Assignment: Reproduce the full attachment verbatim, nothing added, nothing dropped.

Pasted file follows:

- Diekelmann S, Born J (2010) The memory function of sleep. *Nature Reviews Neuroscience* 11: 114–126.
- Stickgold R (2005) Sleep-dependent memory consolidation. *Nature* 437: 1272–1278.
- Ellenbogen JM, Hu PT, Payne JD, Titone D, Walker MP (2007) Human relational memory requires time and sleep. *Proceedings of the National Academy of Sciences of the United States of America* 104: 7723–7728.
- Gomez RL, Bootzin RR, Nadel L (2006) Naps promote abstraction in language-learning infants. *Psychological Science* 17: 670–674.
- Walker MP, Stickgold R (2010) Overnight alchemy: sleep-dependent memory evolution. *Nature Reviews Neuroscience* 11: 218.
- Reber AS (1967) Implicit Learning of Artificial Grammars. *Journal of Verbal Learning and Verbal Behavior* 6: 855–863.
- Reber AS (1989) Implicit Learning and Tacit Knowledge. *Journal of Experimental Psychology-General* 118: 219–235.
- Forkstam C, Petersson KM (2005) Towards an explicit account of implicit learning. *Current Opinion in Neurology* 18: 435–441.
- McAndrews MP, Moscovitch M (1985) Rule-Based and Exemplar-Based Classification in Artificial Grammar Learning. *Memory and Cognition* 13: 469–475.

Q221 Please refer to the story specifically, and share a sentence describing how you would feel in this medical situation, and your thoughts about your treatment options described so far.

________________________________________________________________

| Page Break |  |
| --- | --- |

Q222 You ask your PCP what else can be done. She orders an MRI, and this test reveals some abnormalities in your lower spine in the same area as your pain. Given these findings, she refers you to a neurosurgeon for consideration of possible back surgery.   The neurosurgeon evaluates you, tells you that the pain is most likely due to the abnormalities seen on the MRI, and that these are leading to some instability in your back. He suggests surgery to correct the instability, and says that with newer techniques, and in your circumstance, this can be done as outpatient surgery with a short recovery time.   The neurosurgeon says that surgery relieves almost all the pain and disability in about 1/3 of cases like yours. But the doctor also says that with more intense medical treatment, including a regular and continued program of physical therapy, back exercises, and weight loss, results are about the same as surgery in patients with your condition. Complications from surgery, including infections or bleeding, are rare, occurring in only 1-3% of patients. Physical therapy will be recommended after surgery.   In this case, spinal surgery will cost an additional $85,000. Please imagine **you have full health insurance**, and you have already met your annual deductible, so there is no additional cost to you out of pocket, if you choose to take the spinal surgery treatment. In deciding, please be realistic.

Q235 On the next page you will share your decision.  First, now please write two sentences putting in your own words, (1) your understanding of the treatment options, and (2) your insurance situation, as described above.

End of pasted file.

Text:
- Diekelmann S, Born J (2010) The memory function of sleep. *Nature Reviews Neuroscience* 11: 114–126.
- Stickgold R (2005) Sleep-dependent memory consolidation. *Nature* 437: 1272–1278.
- Ellenbogen JM, Hu PT, Payne JD, Titone D, Walker MP (2007) Human relational memory requires time and sleep. *Proceedings of the National Academy of Sciences of the United States of America* 104: 7723–7728.
- Gomez RL, Bootzin RR, Nadel L (2006) Naps promote abstraction in language-learning infants. *Psychological Science* 17: 670–674.
- Walker MP, Stickgold R (2010) Overnight alchemy: sleep-dependent memory evolution. *Nature Reviews Neuroscience* 11: 218.
- Reber AS (1967) Implicit Learning of Artificial Grammars. *Journal of Verbal Learning and Verbal Behavior* 6: 855–863.
- Reber AS (1989) Implicit Learning and Tacit Knowledge. *Journal of Experimental Psychology-General* 118: 219–235.
- Forkstam C, Petersson KM (2005) Towards an explicit account of implicit learning. *Current Opinion in Neurology* 18: 435–441.
- McAndrews MP, Moscovitch M (1985) Rule-Based and Exemplar-Based Classification in Artificial Grammar Learning. *Memory and Cognition* 13: 469–475.

Q221 Please refer to the story specifically, and share a sentence describing how you would feel in this medical situation, and your thoughts about your treatment options described so far.

________________________________________________________________

| Page Break |  |
| --- | --- |

Q222 You ask your PCP what else can be done. She orders an MRI, and this test reveals some abnormalities in your lower spine in the same area as your pain. Given these findings, she refers you to a neurosurgeon for consideration of possible back surgery.   The neurosurgeon evaluates you, tells you that the pain is most likely due to the abnormalities seen on the MRI, and that these are leading to some instability in your back. He suggests surgery to correct the instability, and says that with newer techniques, and in your circumstance, this can be done as outpatient surgery with a short recovery time.   The neurosurgeon says that surgery relieves almost all the pain and disability in about 1/3 of cases like yours. But the doctor also says that with more intense medical treatment, including a regular and continued program of physical therapy, back exercises, and weight loss, results are about the same as surgery in patients with your condition. Complications from surgery, including infections or bleeding, are rare, occurring in only 1-3% of patients. Physical therapy will be recommended after surgery.   In this case, spinal surgery will cost an additional $85,000. Please imagine **you have full health insurance**, and you have already met your annual deductible, so there is no additional cost to you out of pocket, if you choose to take the spinal surgery treatment. In deciding, please be realistic.

Q235 On the next page you will share your decision.  First, now please write two sentences putting in your own words, (1) your understanding of the treatment options, and (2) your insurance situation, as described above.